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TRIPTOLEMUS, in Greek mythology, the inventor of agriculture, first priest of Demeter, and founder of the Eleusinian mysteries. His name is probably connected with the "triple ploughing" (Tpis, 7roXEiv), recommended in Hesiod's Works and Days and celebrated at an annual festival. It may be noted that in some traditions he is called the son of Dysaules (possibly identical with diaulos, the "double furrow" traced by the ox), and that, according to the Latin poets (e.g. Virgil, Georgics, i. 19), he is the inventor of the plough.' Later, as the god of ploughing, he is confounded with Osiris, and on a vase-painting at St Petersburg he is represented leaving Egypt in his dragon-drawn chariot on his journey round the world. According to the best known Attic legend (Apollodorus, i. 5, 2) Triptolemus was the son of Celeus, king of Eleusis, and Metaneira. Demeter, during her search for her daughter Persephone, arrived at Eleusis in the form of an old woman. Here she was hospitably received by Celeus, and out of gratitude would have made his son Demophon immortal by anointing him with ambrosia and destroying his mortal parts by fire; but Metaneira, happening to see what was going on, screamed out and disturbed the goddess. Demophon was burnt to death, and Demeter, to console his parents, took upon herself the care of Triptolemus, instructed him in everything connected with agriculture, and presented him with a wonderful chariot, in which he travelled all over the world, spreading the knowledge of the precious art and the blessings of civilization. In another account (Hyginus, Fab. 147) Triptolemus is the son of Eleusinus, and takes the place of Demophon in the above narrative. Celeus endeavoured to kill him on his return, but Demeter intervened and forced him to surrender his country to Triptolemus, who named it Eleusis after his father and instituted the festival of Demeter called Thesmophoria. In the Homeric hymn to Demeter, Triptolemus is simply one of the nobles of Eleusis, who was instructed by the goddess in her rites and ceremonies. The Attic legend of Eleusis also represented him as one of the judges of the underworld. His adventures on his world-wide mission formed the subject of a play of the same name by Sophocles. In works of art Triptolemus appears mounted on a chariot (winged or drawn by dragons, symbols of the fruitfulness of the earth), with Demeter and Persephone handing him the implements of agriculture. His attributes were a sceptre of ears of corn, sometimes a drinking-cup, which is being filled by Demeter. His altar and threshing-floor were shown on the Rarian plain near Eleusis; hence he is sometimes called the son of Rarus.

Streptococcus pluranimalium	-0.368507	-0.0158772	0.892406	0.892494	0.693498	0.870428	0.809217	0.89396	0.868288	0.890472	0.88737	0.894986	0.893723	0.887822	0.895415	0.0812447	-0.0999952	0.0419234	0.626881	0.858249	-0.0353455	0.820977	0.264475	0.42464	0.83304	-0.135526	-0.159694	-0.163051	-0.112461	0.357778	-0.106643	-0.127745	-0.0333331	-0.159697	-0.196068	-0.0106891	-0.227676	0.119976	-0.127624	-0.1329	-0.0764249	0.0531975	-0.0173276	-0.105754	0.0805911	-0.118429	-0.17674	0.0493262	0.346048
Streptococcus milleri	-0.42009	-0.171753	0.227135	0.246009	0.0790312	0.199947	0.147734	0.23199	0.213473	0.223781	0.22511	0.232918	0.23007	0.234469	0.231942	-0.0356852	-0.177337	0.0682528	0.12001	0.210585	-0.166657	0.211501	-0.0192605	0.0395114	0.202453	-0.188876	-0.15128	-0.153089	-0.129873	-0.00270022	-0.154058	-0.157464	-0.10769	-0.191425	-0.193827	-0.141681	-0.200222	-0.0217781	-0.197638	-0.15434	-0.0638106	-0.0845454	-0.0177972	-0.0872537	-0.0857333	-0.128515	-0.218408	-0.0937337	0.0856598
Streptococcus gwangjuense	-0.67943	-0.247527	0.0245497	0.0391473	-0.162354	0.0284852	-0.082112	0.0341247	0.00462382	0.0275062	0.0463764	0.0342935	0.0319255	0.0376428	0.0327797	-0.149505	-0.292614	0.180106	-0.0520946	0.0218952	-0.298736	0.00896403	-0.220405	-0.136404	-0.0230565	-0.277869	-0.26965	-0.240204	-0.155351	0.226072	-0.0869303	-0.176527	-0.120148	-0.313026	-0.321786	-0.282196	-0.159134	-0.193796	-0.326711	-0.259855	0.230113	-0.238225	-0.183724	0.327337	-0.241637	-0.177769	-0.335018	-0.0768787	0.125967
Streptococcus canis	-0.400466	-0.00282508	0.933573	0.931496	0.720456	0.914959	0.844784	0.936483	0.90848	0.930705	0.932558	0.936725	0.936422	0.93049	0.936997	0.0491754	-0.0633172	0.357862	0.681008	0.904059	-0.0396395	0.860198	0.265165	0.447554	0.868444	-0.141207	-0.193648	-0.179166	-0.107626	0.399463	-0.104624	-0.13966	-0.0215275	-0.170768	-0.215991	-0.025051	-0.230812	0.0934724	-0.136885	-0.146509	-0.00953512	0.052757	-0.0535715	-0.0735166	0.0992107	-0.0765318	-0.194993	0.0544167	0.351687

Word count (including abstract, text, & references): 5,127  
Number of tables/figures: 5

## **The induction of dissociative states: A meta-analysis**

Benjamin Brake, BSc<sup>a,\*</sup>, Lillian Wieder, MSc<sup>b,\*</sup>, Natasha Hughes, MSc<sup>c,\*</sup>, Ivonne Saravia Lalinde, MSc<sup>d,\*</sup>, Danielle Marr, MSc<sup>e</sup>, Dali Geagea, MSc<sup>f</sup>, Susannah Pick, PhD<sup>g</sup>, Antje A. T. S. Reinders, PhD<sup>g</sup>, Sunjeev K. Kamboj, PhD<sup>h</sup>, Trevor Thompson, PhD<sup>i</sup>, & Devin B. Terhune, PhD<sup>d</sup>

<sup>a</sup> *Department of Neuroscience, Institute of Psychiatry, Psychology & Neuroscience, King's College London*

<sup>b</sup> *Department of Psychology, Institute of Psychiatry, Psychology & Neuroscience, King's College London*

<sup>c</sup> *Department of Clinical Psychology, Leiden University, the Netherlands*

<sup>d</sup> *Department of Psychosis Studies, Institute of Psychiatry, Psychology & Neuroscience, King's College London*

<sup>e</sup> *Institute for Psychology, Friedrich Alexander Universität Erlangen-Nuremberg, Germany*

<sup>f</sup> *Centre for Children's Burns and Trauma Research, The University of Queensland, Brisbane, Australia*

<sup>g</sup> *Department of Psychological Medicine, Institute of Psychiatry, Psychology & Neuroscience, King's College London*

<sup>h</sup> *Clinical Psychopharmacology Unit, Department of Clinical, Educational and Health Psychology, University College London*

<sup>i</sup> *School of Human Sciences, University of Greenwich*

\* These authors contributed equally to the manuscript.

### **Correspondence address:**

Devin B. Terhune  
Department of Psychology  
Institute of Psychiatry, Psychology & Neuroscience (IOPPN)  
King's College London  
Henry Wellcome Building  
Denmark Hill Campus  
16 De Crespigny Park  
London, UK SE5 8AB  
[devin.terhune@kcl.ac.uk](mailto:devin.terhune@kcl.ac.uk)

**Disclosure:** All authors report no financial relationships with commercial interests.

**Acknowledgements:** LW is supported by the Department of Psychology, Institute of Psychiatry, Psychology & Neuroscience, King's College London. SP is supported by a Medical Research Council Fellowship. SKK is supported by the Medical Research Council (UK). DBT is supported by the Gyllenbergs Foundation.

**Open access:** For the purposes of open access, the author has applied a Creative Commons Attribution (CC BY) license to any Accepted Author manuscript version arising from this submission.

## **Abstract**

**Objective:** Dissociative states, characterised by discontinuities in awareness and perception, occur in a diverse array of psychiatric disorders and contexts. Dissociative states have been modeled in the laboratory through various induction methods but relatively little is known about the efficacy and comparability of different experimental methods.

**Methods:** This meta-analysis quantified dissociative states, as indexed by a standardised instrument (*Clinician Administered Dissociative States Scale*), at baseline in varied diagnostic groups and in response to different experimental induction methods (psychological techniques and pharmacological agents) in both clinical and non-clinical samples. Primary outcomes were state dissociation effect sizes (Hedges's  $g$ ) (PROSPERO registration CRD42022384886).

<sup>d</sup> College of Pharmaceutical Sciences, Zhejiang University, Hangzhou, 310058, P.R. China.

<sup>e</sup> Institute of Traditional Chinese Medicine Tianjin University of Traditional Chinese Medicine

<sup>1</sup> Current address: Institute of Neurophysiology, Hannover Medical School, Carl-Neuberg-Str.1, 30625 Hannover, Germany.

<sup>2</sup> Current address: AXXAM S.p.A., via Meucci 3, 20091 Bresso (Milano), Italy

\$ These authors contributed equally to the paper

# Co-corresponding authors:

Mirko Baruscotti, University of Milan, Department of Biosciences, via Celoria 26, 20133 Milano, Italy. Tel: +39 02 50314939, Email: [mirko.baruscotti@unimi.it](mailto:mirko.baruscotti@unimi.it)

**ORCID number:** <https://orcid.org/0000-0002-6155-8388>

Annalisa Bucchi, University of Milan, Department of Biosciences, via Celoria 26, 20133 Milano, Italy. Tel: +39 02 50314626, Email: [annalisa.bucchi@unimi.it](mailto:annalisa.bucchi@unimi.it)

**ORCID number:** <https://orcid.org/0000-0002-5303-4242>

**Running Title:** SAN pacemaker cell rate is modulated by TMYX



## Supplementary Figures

See the Homeric hymn to Demeter, 153,474; Ovid, 1l?etam. v. 642-661; Virgil, Georgics, i. 19, and Servius ad loc i Hyginus, Ast&onom. ii. 14; Dion Halic. i. 12; Preller, Griechische Mythologie (4th ed., 1894).
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